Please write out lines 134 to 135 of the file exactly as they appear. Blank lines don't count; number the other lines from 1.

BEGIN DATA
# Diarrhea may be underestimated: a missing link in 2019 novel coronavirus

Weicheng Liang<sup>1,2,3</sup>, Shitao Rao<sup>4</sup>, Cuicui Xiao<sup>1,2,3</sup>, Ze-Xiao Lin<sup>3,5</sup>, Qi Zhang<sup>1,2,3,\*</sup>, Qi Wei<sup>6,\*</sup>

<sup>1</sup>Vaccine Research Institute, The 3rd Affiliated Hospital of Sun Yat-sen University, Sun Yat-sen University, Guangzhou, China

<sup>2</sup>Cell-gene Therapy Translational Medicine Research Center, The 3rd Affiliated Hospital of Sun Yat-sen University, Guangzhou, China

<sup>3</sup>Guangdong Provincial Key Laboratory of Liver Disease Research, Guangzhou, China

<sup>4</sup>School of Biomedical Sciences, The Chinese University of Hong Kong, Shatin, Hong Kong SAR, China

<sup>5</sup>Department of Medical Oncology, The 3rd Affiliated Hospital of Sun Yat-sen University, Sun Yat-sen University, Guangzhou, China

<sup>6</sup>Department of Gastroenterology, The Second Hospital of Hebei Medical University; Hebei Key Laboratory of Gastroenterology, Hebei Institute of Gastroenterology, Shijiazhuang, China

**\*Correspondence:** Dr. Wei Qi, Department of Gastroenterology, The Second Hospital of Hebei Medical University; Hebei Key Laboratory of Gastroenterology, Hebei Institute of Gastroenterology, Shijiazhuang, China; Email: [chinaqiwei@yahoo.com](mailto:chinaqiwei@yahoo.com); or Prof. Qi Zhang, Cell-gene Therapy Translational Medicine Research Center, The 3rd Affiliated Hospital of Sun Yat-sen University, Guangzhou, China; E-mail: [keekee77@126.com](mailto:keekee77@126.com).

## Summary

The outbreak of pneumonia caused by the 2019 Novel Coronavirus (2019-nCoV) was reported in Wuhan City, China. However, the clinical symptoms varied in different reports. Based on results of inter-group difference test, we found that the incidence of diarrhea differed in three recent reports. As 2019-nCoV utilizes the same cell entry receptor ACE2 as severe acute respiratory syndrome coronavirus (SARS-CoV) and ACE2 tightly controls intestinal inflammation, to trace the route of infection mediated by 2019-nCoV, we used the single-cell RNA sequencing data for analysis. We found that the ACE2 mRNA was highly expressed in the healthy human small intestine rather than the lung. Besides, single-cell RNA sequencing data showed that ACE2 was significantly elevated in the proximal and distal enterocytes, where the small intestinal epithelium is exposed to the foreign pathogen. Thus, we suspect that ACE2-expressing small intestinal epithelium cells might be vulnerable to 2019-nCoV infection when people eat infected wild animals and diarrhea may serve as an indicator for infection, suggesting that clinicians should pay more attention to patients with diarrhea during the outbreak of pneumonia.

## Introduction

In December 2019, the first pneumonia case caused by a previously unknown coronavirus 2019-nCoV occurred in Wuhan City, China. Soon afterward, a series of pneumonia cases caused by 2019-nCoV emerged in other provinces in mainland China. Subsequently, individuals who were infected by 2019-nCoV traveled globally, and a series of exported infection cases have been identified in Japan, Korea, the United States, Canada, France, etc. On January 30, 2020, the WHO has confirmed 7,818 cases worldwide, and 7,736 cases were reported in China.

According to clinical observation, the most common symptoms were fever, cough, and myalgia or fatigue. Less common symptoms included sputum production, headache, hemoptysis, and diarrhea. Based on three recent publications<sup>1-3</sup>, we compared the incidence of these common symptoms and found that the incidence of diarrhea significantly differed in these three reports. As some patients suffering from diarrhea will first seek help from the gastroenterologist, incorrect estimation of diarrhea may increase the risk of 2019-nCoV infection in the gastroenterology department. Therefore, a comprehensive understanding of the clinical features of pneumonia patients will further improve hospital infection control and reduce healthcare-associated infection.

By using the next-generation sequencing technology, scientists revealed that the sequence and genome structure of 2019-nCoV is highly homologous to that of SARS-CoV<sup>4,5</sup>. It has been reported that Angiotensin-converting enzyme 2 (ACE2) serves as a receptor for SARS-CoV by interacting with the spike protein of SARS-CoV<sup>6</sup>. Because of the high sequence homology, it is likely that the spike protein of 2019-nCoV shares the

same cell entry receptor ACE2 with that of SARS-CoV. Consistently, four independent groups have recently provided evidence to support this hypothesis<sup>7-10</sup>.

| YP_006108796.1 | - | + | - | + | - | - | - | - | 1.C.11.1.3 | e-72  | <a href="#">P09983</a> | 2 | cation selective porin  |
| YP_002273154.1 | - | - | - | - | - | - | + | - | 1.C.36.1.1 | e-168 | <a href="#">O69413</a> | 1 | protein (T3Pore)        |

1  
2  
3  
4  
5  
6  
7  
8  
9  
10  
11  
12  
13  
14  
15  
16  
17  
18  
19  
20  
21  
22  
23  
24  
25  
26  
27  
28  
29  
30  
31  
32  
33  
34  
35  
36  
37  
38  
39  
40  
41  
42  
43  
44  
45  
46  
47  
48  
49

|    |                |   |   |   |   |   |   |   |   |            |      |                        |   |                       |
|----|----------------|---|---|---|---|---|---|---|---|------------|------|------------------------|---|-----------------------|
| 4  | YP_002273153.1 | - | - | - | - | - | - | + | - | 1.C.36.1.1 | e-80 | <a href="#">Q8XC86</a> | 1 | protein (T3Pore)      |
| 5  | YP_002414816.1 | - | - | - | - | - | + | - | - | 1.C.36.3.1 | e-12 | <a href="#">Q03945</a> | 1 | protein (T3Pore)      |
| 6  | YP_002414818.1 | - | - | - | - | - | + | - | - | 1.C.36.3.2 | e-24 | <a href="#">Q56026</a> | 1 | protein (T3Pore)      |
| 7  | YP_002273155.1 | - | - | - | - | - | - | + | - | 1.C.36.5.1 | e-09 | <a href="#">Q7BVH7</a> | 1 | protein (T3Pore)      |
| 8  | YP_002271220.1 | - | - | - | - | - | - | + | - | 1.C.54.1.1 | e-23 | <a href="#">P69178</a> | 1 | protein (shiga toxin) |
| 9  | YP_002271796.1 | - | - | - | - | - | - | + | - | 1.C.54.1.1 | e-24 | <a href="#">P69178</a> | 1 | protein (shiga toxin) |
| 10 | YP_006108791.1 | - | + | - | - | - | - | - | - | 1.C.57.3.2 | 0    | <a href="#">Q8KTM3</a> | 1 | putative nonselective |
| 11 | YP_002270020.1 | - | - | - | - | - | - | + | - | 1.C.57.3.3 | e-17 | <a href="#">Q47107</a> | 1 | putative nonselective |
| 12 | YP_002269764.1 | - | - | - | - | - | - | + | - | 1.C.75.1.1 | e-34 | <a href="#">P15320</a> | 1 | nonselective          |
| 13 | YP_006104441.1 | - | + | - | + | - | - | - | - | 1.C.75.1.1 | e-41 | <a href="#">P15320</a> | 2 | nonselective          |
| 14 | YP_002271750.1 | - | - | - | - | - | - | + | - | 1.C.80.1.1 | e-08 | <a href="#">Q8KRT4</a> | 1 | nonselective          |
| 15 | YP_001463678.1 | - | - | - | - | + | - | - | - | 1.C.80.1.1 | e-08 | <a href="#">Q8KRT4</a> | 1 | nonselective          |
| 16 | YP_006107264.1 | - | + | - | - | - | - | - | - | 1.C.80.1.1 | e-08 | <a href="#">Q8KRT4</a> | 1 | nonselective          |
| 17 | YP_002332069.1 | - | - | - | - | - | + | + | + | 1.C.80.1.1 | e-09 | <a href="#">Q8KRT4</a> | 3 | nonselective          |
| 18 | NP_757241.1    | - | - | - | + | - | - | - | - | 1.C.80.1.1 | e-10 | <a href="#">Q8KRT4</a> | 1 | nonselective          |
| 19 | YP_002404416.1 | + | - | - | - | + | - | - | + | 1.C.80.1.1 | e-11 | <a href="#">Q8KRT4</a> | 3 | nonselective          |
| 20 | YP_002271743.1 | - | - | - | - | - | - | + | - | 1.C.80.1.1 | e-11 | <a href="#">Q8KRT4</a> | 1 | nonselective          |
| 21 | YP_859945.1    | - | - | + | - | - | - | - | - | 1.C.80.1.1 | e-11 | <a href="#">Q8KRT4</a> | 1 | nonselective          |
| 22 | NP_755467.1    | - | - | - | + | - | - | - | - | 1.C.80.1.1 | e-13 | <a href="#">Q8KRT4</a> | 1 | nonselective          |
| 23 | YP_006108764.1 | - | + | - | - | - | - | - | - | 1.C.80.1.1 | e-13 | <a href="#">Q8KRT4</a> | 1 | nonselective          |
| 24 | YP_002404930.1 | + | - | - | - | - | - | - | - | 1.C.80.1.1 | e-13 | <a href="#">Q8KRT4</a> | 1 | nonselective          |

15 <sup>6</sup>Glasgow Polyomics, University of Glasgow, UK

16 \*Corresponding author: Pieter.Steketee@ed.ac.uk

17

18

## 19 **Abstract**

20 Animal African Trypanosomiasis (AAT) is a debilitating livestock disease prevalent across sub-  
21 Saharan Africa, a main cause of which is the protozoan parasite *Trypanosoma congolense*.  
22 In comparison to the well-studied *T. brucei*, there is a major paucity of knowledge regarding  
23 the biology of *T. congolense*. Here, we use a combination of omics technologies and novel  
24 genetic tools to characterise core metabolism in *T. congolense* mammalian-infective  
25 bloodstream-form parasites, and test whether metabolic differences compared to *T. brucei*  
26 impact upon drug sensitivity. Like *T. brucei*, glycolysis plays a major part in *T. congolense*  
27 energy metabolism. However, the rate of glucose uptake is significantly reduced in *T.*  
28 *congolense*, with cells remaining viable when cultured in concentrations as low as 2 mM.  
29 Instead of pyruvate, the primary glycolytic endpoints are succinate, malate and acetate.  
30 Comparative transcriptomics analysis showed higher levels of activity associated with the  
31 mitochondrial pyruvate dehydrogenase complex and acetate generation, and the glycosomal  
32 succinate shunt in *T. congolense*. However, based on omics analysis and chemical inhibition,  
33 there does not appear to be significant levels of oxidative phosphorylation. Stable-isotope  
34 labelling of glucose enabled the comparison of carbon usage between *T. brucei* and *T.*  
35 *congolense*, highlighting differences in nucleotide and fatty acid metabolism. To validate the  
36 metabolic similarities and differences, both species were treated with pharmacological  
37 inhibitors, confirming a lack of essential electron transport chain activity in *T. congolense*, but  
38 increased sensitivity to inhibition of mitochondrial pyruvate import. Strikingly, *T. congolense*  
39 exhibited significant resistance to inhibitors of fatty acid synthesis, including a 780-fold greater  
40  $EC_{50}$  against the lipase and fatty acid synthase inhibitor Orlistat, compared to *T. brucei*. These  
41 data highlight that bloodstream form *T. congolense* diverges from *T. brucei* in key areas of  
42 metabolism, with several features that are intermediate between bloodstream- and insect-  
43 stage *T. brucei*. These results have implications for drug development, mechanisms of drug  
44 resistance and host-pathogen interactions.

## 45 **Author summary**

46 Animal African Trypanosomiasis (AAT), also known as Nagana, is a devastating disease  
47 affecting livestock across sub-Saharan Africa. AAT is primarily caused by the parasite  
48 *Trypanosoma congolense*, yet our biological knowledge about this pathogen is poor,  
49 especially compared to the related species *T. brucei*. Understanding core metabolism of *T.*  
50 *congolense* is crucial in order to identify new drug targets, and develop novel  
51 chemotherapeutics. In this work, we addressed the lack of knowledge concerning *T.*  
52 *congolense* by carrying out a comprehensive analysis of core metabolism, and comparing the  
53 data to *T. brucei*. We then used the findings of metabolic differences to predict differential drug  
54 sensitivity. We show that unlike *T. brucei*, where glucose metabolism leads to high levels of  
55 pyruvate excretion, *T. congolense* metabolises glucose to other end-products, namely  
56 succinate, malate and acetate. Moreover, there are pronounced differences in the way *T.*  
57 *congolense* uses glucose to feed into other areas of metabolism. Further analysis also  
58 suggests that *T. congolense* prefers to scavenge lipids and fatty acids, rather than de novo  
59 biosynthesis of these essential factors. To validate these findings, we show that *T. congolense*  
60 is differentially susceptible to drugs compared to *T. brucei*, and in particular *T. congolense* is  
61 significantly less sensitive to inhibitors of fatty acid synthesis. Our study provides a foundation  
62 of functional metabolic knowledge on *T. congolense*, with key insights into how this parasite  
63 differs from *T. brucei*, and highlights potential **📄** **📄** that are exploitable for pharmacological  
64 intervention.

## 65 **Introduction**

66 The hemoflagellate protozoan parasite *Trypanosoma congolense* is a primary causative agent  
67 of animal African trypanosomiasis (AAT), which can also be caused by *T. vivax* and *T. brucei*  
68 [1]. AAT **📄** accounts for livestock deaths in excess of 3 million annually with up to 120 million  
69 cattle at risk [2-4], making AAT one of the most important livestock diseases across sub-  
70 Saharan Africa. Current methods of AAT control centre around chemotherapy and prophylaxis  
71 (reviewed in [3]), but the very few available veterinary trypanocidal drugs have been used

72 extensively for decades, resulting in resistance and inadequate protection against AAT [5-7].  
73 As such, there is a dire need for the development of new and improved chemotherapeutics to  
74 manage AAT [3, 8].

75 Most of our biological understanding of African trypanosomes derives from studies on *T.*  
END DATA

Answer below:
58 suggests that *T. congolense* prefers to scavenge lipids and fatty acids, rather than de novo  
59 biosynthesis of these essential factors. To validate these findings, we show that *T. congolense*  